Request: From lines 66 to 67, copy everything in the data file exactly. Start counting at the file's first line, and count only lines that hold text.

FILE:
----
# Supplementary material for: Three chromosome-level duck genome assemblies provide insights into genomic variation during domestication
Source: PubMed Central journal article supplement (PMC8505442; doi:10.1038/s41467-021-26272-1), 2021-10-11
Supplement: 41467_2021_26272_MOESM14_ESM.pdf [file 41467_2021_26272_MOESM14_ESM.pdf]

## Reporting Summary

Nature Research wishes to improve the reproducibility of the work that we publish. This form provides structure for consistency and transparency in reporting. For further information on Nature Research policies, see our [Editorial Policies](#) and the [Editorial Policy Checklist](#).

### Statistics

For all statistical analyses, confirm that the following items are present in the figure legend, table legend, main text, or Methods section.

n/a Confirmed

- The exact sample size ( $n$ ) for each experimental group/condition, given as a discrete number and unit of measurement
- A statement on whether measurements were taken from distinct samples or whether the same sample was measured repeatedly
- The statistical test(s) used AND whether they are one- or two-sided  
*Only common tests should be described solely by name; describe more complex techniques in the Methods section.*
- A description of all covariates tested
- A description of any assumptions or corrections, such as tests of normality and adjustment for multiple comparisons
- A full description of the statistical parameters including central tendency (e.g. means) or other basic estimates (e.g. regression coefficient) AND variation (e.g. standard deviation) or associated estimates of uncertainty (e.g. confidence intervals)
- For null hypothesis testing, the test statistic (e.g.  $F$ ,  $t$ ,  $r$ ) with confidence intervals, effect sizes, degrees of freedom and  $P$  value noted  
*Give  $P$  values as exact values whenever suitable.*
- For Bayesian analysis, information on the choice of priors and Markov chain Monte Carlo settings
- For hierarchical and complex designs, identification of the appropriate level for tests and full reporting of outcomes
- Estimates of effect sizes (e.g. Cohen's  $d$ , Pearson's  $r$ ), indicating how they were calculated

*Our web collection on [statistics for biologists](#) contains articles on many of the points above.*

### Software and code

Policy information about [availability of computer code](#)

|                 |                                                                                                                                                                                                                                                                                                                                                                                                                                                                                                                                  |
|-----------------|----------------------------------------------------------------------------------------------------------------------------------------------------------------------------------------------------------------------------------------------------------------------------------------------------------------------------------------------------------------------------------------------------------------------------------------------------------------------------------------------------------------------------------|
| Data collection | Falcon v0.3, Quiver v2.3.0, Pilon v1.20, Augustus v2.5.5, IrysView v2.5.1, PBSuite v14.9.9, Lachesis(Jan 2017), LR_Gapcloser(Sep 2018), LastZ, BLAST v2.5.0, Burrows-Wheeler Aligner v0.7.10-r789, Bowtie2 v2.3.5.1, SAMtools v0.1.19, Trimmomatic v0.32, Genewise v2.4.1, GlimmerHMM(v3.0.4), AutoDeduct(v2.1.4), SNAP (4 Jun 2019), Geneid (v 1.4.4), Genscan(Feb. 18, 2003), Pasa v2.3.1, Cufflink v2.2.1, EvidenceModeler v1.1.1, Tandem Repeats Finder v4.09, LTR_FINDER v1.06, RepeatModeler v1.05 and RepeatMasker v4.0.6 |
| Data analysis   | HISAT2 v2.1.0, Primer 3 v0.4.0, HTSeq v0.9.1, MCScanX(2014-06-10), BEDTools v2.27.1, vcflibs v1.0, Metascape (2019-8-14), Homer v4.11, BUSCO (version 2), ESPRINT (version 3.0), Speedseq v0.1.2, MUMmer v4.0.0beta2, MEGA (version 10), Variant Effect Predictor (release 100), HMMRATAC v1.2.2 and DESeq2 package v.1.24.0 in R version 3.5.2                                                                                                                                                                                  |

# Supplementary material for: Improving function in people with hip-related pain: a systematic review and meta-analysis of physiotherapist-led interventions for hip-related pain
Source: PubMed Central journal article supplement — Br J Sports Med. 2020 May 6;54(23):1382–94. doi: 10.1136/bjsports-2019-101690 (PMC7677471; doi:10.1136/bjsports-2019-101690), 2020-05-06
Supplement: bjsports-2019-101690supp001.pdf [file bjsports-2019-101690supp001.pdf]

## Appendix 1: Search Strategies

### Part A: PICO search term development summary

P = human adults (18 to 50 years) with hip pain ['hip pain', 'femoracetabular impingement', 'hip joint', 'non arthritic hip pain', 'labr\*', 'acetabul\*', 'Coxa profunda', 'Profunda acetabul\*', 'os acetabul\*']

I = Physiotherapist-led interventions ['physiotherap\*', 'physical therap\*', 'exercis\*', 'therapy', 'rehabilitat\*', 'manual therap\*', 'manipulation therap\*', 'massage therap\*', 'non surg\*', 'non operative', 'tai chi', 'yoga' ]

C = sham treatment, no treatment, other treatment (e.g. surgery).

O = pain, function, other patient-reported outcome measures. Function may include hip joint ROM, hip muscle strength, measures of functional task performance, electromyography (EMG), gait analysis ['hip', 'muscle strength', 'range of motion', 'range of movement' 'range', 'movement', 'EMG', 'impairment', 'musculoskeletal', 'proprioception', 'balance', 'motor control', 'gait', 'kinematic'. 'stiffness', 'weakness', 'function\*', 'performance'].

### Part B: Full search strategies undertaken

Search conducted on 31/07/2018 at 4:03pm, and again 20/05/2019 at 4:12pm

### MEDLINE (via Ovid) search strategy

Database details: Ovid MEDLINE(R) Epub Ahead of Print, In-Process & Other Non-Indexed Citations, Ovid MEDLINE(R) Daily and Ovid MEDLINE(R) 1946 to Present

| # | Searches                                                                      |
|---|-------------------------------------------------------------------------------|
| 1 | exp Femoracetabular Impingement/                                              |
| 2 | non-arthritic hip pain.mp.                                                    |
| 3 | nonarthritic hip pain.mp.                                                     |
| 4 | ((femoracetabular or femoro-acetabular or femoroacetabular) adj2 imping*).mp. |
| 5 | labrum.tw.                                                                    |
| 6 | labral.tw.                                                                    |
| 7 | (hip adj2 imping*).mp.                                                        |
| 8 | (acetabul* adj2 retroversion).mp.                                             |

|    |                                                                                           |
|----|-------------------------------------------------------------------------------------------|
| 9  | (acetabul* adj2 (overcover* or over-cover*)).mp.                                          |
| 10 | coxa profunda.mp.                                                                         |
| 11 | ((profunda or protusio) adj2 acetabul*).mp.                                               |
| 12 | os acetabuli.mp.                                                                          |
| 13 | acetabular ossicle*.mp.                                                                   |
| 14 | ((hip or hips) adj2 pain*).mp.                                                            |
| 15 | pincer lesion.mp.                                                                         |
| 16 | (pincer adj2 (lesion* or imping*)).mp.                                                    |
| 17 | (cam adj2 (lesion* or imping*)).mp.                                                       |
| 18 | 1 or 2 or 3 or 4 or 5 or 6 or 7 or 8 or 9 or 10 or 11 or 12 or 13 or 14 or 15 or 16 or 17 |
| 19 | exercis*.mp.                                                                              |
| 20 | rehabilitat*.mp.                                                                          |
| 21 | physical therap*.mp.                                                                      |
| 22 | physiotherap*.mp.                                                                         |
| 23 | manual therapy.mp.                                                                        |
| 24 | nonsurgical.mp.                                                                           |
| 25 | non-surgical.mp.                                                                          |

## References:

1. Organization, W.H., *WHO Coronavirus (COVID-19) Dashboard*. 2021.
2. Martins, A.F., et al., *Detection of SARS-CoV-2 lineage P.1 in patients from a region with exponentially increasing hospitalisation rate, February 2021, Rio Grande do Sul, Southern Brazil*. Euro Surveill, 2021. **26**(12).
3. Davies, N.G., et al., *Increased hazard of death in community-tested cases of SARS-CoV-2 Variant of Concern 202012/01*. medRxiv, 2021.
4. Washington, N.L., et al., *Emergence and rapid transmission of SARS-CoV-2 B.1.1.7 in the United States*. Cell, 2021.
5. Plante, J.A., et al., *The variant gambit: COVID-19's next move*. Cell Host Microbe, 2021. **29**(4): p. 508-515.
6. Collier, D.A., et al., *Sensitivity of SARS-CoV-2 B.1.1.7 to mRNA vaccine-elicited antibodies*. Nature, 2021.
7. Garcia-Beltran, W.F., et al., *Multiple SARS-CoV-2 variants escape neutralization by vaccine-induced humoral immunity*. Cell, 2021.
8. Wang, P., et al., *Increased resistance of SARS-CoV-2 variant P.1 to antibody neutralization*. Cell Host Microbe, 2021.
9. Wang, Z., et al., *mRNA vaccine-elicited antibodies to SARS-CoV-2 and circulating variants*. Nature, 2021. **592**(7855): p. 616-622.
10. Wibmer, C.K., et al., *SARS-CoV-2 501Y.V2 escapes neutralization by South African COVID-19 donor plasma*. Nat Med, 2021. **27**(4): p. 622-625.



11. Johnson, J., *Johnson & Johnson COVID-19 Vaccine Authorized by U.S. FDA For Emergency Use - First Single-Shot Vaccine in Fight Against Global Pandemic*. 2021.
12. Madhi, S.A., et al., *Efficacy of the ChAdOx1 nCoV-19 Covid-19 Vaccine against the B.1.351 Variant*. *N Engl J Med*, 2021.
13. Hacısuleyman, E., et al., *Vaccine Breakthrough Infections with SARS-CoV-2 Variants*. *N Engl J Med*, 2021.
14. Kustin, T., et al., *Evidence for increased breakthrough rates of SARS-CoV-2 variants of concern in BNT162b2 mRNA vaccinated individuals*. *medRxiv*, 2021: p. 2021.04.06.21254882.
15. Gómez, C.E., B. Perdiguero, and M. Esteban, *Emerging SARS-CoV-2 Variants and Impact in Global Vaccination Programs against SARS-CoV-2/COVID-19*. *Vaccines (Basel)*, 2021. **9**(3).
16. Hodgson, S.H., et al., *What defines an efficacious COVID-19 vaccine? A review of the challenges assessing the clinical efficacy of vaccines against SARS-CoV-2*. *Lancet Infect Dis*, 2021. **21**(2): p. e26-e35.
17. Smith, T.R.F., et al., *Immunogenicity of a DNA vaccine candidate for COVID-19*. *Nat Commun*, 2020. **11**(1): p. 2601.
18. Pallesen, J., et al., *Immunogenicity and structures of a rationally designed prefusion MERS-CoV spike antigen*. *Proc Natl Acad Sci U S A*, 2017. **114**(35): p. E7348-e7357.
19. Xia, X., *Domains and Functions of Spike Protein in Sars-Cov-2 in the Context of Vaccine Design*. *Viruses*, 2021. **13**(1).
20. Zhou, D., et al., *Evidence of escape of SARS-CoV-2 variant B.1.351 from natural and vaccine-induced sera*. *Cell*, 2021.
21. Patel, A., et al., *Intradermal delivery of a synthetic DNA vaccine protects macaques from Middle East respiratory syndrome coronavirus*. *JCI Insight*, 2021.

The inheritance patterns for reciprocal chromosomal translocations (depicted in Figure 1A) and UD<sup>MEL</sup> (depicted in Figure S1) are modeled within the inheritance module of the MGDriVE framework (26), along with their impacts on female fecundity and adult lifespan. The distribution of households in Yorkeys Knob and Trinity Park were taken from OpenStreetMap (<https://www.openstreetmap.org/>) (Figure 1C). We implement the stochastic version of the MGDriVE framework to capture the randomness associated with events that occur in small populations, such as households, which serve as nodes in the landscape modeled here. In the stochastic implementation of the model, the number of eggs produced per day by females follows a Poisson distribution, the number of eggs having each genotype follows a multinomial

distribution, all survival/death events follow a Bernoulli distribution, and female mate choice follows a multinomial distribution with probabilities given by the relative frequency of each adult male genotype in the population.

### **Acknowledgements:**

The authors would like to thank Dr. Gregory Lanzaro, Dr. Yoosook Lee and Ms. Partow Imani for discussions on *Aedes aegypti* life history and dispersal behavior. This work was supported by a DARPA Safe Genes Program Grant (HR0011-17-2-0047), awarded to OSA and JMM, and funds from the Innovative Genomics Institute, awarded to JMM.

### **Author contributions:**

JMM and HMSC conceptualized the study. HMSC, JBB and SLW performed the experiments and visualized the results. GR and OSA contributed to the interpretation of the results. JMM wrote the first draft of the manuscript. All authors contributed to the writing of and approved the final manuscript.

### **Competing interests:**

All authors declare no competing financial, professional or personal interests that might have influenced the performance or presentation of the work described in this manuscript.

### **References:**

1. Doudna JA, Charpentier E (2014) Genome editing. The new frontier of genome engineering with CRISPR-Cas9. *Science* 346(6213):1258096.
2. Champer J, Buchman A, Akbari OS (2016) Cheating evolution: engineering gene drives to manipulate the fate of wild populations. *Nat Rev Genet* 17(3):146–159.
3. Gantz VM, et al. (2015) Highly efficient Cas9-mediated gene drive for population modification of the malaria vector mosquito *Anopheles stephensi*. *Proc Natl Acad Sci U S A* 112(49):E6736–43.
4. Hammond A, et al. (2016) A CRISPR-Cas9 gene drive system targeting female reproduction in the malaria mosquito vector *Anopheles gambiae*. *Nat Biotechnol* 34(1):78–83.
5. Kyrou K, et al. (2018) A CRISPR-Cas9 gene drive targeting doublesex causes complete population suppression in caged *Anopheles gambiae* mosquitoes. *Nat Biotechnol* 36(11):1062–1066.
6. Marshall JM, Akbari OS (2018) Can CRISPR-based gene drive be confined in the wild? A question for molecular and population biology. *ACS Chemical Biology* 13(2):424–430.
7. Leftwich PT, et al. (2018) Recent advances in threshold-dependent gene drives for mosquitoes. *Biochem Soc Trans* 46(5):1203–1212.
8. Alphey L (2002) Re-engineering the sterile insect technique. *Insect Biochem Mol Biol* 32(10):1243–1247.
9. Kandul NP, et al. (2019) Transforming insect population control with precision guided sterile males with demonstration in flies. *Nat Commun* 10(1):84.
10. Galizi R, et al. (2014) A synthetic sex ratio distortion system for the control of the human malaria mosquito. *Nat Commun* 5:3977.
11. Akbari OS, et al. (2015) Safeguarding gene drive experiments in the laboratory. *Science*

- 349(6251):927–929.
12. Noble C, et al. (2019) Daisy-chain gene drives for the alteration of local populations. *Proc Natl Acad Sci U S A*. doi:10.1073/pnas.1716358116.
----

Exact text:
| 22 | physiotherap*.mp.                                                                         |
| 23 | manual therapy.mp.                                                                        |